The first thing your program will need to do is call XmlDOMUtil::Initialize(). That'll handle all the initialization (including initialization of the XercesC platform library underneath everything). You need to do this once before using any other XmlDOMUtil routines, and in a multithreaded program I strongly recommend you call Initialize() before you start spawning threads. It's not critical because the routine uses a flag within the library that essentially makes the call a no-op if it's already been called, but note that it doesn't lock that flag in any way so you can get a race condition if you call it from multiple threads simultaneously. In my opinion you probably don't want to go there anyway, and if you are it's a sign you've done something very wrong somewhere.
When you're done using XmlDOMUtil, you need to call XmlDOMUtil::Terminate(). That shuts down everything and cleans up and frees memory controlled by the library and XercesC. Don't try to use any XmlDOMUtil routines after you've called Terminate(), and don't try to use any pointers to memory you got from the library. It's got an internal flag to protect against multiple calls or being called without Initialize() having been called, but the same caveats against multithreaded programs apply. After you've called Terminate(), it's safe to call Initialize() again to restart the library.
As with XmlUtil::Exception, you probably won't use XmlDOMUtil::XmlDOMException directly much. You'll mostly catch exceptions thrown by the library, and if you do need to create your own you'll likely only need to use the single-string-argument constructors.
If you wanted to parse a document and use information from it, the code would look something like this:
You might vary it, for instance by calling adoptDocument() on the document you got from parseDocument()/parseDocumentFile(), and then doing
If you're creating a document, the code (modulo the initialization stuff) would look something like this:
That code creates a document, get it's root element, then takes a list of strings and adds each one as a STRING element under the root with an "index" attribute whose value is the position 1-n of the string in the original list. Note that when creating an element you have to specify the document it's in. That's so XercesC can link it to the document and to document-level metadata like namespace declarations and encoding.
Normally you won't have to worry about these, they'll be used within the library to create the exception objects. You can of course use them if you're doing things directly with the XercesC routines and want to take exceptions they throw and convert them into a common type of exception to simplify things, but that's about the only time you'll need to construct exception objects.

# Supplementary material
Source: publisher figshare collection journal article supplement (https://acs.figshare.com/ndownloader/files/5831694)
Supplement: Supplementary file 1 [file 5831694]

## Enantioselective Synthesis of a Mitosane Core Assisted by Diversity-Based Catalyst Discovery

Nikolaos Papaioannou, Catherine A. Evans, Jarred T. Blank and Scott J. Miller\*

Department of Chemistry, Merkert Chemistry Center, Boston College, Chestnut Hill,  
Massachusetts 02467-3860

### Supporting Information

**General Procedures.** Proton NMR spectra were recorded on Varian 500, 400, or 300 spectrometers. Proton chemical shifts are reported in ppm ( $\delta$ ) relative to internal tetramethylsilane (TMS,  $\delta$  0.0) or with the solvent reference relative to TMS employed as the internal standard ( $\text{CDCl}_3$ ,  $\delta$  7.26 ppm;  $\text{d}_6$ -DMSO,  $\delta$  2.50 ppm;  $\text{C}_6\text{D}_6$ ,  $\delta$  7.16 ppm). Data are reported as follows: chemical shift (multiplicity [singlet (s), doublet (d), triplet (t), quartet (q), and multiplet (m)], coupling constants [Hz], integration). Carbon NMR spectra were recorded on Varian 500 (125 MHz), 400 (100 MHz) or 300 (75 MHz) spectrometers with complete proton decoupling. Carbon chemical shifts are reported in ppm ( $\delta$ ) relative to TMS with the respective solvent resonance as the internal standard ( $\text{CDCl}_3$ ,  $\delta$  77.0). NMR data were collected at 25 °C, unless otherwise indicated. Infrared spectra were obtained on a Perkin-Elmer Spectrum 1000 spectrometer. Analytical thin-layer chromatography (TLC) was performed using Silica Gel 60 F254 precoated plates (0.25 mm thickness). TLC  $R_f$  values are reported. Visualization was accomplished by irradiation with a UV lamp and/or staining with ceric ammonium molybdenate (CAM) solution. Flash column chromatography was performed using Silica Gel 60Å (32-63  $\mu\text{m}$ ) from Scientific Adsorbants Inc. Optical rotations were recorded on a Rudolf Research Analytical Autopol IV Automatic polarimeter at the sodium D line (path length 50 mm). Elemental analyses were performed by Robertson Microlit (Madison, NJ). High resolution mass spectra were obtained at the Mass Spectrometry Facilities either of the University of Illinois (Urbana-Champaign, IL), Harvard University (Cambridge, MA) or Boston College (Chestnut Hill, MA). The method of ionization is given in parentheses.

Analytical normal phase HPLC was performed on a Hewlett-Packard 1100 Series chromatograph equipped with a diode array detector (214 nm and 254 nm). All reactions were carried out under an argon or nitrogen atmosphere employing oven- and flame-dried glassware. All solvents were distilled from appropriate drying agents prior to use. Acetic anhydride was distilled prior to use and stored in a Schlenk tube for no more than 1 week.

Additional type strings supported by this class are "DOM", "DOM range", "SAX", "SAX parse", coming from the 4 exception types supported by the constructors. For "DOM" and "DOM range" the code field comes from the code field of the underlying exception object. "SAX" and "SAX parse" don't have an associated code, so the code will always be zero. The message for "SAX parse" exceptions includes the line and column numbers where the exception occurred followed by the actual message text.
getparser() returns a new parser object for later use. destroyParser() takes a parser object and frees it and all it's associated memory (including that of any documents you parsed using it and didn't adopt). Note that you can use a single parser to parse multiple documents. releaseDocuments() provides a way for you to release the memory used to hold parsed documents without destroying the parser. If you needed to process several large documents one at a time, you'd simply call releaseDocuments() after each one to free up the memory.
To make life a bit easier when dealing with exceptions, there's an XmlDOMParser class defined. This class doesn't do anything itself. Objects of this class can't be copied or assigned. The default constructor gets a parser using getParser(), the destructor calls destroyParser() on the saved parser (if any), and the no-arguments function-call operator returns a pointer to the parser just like you'd get from getParser(). It's only purpose is to make it easier to keep parsers cleaned up by giving you a way to allocate them in a normal stack-based variable that'll be automatically cleaned up upon exit from the block it's defined in, even if the exit is because of a thrown exception or some other abnormal exit path.